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Expelled student sues, says sex consensual in dispute involving potent ‘Black Bar’ edible marijuana

A 19-year-old San Diego State University student expelled over sexual assault allegations has filed suit, claiming the sex with his female accuser was consensual and that campus officials dismissed polygraph results that supported his side of the story.

The male student, referred to as John Doe in court documents, was expelled in November 2015 and filed the lawsuit the following month. A hearing on the matter is set for June.

At the crux of the he-said, she-said is an edible marijuana called a “Black Bar,” which contains high doses of concentrated THC oil. The accuser, called Jane Roe in court documents, claims that once it started to kick in she felt sick and tried to stop the previously consensual intercourse, but that Doe was insistent so she went along with the hookup until she could leave.

Doe, for his part, said the sex occurred right after they ate the substance and was over before it could have any psychoactive effect.

San Diego State University declined to comment to The College Fix on ongoing litigation.

‘Able to clearly and coherently communicate’

According to a copy of the lawsuit purchased by The College Fix through the San Diego County courts, Doe’s attorney alleges campus officials disregarded evidence tending to show Roe was not yet under the influence of the edible marijuana while engaging in consensual intercourse.

“Although Ms. Roe claimed to be incapacitated while engaged in consensual sex, evidence of Ms. Roe’s text messages and phone conversation with her friend … were presented, showing that she was able to clearly and coherently communicate with others during the pertinent time period, undermining her claim,” court documents state. “Furthermore, when Ms. Roe was confronted with evidence of phone records tending to contradict her timeline of events of the night of the incident, Ms. Roe materially changed the details of her allegations to comport with the phone records.”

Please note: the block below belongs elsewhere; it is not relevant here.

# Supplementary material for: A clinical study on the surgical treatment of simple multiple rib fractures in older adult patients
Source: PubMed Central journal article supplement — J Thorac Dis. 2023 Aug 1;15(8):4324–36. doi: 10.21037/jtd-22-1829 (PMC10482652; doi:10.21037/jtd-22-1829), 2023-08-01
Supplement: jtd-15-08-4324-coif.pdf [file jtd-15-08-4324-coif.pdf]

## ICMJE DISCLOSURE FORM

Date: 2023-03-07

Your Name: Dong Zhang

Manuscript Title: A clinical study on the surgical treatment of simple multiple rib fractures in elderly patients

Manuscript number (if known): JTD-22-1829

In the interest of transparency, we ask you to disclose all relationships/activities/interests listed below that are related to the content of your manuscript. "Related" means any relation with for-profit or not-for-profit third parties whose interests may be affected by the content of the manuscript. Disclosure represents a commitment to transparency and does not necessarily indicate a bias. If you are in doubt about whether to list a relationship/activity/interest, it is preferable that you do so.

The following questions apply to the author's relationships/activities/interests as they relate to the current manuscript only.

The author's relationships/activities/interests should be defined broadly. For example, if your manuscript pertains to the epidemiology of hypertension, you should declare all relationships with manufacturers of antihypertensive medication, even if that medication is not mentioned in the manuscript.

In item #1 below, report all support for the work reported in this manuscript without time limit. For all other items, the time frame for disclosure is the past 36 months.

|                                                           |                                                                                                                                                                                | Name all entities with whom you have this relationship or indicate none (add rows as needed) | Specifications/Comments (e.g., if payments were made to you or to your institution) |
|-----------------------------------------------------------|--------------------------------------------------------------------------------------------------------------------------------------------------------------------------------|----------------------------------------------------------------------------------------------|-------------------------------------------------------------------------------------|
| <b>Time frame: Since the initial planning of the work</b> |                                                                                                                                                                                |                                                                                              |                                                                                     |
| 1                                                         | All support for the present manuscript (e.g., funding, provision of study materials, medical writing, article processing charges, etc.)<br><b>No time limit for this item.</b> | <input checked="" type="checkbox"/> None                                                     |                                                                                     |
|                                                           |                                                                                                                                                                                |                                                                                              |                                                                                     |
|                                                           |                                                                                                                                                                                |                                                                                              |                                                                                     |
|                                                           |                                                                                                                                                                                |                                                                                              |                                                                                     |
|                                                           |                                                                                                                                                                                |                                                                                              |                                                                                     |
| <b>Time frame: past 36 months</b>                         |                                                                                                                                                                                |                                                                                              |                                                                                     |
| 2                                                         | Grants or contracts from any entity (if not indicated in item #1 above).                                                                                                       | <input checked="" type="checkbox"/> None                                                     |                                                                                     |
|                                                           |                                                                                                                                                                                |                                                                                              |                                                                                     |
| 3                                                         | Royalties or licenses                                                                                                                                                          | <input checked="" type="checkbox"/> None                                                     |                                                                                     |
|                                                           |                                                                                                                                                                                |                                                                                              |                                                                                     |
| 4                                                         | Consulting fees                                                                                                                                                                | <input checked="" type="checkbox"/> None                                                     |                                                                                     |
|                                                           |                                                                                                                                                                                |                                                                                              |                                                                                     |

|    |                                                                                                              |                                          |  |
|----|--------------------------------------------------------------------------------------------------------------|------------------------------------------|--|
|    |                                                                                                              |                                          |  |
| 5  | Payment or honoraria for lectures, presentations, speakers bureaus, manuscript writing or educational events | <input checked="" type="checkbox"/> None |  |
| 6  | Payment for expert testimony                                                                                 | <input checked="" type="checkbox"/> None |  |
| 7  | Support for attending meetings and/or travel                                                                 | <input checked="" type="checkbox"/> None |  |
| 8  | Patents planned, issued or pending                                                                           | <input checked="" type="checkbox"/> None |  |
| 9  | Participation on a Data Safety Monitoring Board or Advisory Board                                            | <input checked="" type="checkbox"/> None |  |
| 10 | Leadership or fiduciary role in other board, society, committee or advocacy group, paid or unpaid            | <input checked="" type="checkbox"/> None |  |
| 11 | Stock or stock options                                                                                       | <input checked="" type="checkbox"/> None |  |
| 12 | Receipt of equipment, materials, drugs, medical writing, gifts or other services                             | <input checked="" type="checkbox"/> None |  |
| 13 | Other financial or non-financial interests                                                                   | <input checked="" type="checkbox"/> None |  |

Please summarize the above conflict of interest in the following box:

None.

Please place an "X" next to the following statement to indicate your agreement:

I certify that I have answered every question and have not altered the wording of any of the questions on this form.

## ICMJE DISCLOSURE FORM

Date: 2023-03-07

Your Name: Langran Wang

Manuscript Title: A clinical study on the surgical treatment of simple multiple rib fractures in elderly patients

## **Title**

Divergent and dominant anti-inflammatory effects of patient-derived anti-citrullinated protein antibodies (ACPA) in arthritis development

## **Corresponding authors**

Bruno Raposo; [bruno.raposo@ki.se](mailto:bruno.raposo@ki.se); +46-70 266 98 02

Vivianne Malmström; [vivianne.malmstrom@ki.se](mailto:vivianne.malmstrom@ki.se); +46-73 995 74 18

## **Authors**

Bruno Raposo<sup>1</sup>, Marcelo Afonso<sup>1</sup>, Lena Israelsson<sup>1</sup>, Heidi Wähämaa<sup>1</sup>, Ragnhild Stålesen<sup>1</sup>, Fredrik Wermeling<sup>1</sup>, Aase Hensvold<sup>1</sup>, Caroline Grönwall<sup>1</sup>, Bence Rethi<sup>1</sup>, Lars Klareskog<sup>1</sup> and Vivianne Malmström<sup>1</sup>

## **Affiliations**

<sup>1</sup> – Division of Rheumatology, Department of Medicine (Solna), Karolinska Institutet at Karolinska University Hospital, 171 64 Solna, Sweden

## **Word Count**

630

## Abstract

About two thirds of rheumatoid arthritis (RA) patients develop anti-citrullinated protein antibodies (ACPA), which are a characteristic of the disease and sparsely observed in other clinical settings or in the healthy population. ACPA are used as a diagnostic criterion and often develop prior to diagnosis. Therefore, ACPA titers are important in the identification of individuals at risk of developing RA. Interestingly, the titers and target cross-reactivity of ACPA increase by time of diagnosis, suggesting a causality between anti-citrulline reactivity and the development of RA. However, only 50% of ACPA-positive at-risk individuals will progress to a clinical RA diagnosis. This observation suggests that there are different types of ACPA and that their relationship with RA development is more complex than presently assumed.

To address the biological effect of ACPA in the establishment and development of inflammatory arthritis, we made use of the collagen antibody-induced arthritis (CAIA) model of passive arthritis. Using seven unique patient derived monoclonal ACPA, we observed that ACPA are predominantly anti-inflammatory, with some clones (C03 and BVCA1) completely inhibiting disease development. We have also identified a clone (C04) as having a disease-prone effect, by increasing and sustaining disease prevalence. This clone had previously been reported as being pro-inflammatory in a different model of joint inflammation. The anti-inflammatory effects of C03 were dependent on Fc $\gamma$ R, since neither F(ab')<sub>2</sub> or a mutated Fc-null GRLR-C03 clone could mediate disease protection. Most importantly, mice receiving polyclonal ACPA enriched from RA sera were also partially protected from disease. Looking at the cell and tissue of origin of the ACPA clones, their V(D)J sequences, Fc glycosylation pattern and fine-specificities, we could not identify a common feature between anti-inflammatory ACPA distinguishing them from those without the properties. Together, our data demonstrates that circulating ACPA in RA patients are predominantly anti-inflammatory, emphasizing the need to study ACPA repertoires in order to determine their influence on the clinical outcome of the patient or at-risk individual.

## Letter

And Doe wrote to campus officials that Roe had “ingested the edible at 9:50 p.m. and all sexual activity was over by 10:17 p.m. when she started texting her friend.”

“[Roe] could not have been incapacitated within the time of the sexual activity, and, in any case, she texted, spoke with her friend, and then walked normally out of the apartment down to where her friend was waiting on the street,” he wrote, adding she “changed her story from 50 minutes of sexual activity to 30 minutes, based on the phone records she finally turned over the day before the hearing.”

Doe’s and Roe’s versions of events of the night the alleged assault took place on April 18, 2015, are vastly different. They both agree, however, that Roe came over that night with the express purpose of engaging in sexual intercourse, according to court documents.

‘Just laid there and let him do his thing’